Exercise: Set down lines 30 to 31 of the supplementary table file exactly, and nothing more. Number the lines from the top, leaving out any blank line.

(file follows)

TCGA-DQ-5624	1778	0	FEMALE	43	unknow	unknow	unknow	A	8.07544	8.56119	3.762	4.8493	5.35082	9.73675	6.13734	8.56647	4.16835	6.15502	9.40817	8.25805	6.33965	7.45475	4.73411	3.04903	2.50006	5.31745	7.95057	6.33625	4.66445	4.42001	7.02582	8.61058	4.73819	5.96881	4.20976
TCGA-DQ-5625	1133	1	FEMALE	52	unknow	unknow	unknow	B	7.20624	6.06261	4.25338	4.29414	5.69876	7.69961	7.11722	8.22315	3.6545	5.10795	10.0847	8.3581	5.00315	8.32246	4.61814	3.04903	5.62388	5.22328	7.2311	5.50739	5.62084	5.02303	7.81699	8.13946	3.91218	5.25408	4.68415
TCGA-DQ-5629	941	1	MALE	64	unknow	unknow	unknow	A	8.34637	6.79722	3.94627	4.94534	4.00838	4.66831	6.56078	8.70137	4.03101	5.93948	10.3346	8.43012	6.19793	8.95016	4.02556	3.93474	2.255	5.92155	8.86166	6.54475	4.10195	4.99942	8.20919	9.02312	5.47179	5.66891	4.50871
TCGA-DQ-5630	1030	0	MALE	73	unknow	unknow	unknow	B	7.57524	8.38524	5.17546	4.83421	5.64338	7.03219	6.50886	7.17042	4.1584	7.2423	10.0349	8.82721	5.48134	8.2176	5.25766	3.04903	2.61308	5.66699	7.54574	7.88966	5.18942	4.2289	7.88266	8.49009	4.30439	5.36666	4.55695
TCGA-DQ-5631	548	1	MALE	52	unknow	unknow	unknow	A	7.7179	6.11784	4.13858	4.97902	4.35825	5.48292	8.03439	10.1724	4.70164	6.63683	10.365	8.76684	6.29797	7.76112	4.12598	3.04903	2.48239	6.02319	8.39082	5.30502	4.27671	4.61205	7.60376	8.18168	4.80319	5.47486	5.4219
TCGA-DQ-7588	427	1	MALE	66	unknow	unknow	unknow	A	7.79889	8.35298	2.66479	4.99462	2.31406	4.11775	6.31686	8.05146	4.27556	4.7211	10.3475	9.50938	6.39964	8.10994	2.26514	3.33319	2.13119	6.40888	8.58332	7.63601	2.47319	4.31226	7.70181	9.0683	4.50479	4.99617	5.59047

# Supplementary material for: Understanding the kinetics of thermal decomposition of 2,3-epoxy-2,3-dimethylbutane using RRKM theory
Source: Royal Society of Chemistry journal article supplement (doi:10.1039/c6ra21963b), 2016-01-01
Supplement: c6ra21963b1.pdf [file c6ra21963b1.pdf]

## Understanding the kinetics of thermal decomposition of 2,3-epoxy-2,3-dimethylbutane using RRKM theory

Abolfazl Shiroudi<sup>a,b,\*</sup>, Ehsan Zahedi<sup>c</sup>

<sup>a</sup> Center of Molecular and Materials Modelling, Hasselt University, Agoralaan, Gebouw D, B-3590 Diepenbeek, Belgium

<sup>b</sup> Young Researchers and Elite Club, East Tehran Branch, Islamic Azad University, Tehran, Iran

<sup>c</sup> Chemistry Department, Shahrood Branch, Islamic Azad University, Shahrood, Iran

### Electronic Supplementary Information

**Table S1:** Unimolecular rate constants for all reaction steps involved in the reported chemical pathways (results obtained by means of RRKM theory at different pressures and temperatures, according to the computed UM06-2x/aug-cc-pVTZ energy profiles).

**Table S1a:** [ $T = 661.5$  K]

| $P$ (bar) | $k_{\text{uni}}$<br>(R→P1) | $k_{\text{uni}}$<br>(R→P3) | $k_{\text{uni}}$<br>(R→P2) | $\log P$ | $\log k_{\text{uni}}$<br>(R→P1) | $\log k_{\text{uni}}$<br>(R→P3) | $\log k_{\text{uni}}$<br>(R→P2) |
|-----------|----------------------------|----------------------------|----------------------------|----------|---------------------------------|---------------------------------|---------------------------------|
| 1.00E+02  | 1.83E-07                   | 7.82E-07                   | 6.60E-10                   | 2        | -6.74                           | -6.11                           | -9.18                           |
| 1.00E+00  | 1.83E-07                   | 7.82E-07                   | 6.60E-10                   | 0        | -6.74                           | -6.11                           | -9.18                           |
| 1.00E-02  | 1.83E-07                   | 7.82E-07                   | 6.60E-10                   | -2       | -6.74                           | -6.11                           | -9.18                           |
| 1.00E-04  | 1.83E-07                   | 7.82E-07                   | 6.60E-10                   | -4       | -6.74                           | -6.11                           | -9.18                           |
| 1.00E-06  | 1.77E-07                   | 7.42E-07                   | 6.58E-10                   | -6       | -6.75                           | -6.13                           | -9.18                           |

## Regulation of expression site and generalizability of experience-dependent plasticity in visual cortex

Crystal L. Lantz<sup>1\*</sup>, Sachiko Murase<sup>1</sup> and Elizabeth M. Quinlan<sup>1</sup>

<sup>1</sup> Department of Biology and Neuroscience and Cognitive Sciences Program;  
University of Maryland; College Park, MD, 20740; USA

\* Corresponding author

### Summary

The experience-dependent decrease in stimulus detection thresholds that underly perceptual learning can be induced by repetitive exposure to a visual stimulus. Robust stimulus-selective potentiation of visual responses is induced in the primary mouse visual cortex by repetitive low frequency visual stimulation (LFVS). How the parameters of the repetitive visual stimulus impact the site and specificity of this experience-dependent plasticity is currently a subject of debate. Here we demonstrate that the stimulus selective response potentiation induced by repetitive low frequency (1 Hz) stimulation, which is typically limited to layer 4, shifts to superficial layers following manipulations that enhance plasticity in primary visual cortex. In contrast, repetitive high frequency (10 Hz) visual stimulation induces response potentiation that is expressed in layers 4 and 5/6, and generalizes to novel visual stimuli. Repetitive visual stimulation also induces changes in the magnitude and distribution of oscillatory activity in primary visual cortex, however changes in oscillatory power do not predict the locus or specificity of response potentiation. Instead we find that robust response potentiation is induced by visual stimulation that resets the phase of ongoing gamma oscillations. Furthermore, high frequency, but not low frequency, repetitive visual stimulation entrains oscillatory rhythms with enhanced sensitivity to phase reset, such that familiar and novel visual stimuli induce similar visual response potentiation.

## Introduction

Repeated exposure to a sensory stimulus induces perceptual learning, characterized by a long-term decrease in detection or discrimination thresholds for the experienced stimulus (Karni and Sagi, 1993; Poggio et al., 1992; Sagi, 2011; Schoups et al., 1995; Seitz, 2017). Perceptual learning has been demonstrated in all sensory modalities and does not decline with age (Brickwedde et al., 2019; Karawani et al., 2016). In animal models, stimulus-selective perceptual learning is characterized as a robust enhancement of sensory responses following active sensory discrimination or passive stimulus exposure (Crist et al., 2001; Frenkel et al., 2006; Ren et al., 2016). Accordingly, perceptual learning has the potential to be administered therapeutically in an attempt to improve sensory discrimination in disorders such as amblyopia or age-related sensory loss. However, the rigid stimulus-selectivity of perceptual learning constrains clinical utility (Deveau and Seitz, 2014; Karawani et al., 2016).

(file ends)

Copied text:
### Summary

The experience-dependent decrease in stimulus detection thresholds that underly perceptual learning can be induced by repetitive exposure to a visual stimulus. Robust stimulus-selective potentiation of visual responses is induced in the primary mouse visual cortex by repetitive low frequency visual stimulation (LFVS). How the parameters of the repetitive visual stimulus impact the site and specificity of this experience-dependent plasticity is currently a subject of debate. Here we demonstrate that the stimulus selective response potentiation induced by repetitive low frequency (1 Hz) stimulation, which is typically limited to layer 4, shifts to superficial layers following manipulations that enhance plasticity in primary visual cortex. In contrast, repetitive high frequency (10 Hz) visual stimulation induces response potentiation that is expressed in layers 4 and 5/6, and generalizes to novel visual stimuli. Repetitive visual stimulation also induces changes in the magnitude and distribution of oscillatory activity in primary visual cortex, however changes in oscillatory power do not predict the locus or specificity of response potentiation. Instead we find that robust response potentiation is induced by visual stimulation that resets the phase of ongoing gamma oscillations. Furthermore, high frequency, but not low frequency, repetitive visual stimulation entrains oscillatory rhythms with enhanced sensitivity to phase reset, such that familiar and novel visual stimuli induce similar visual response potentiation.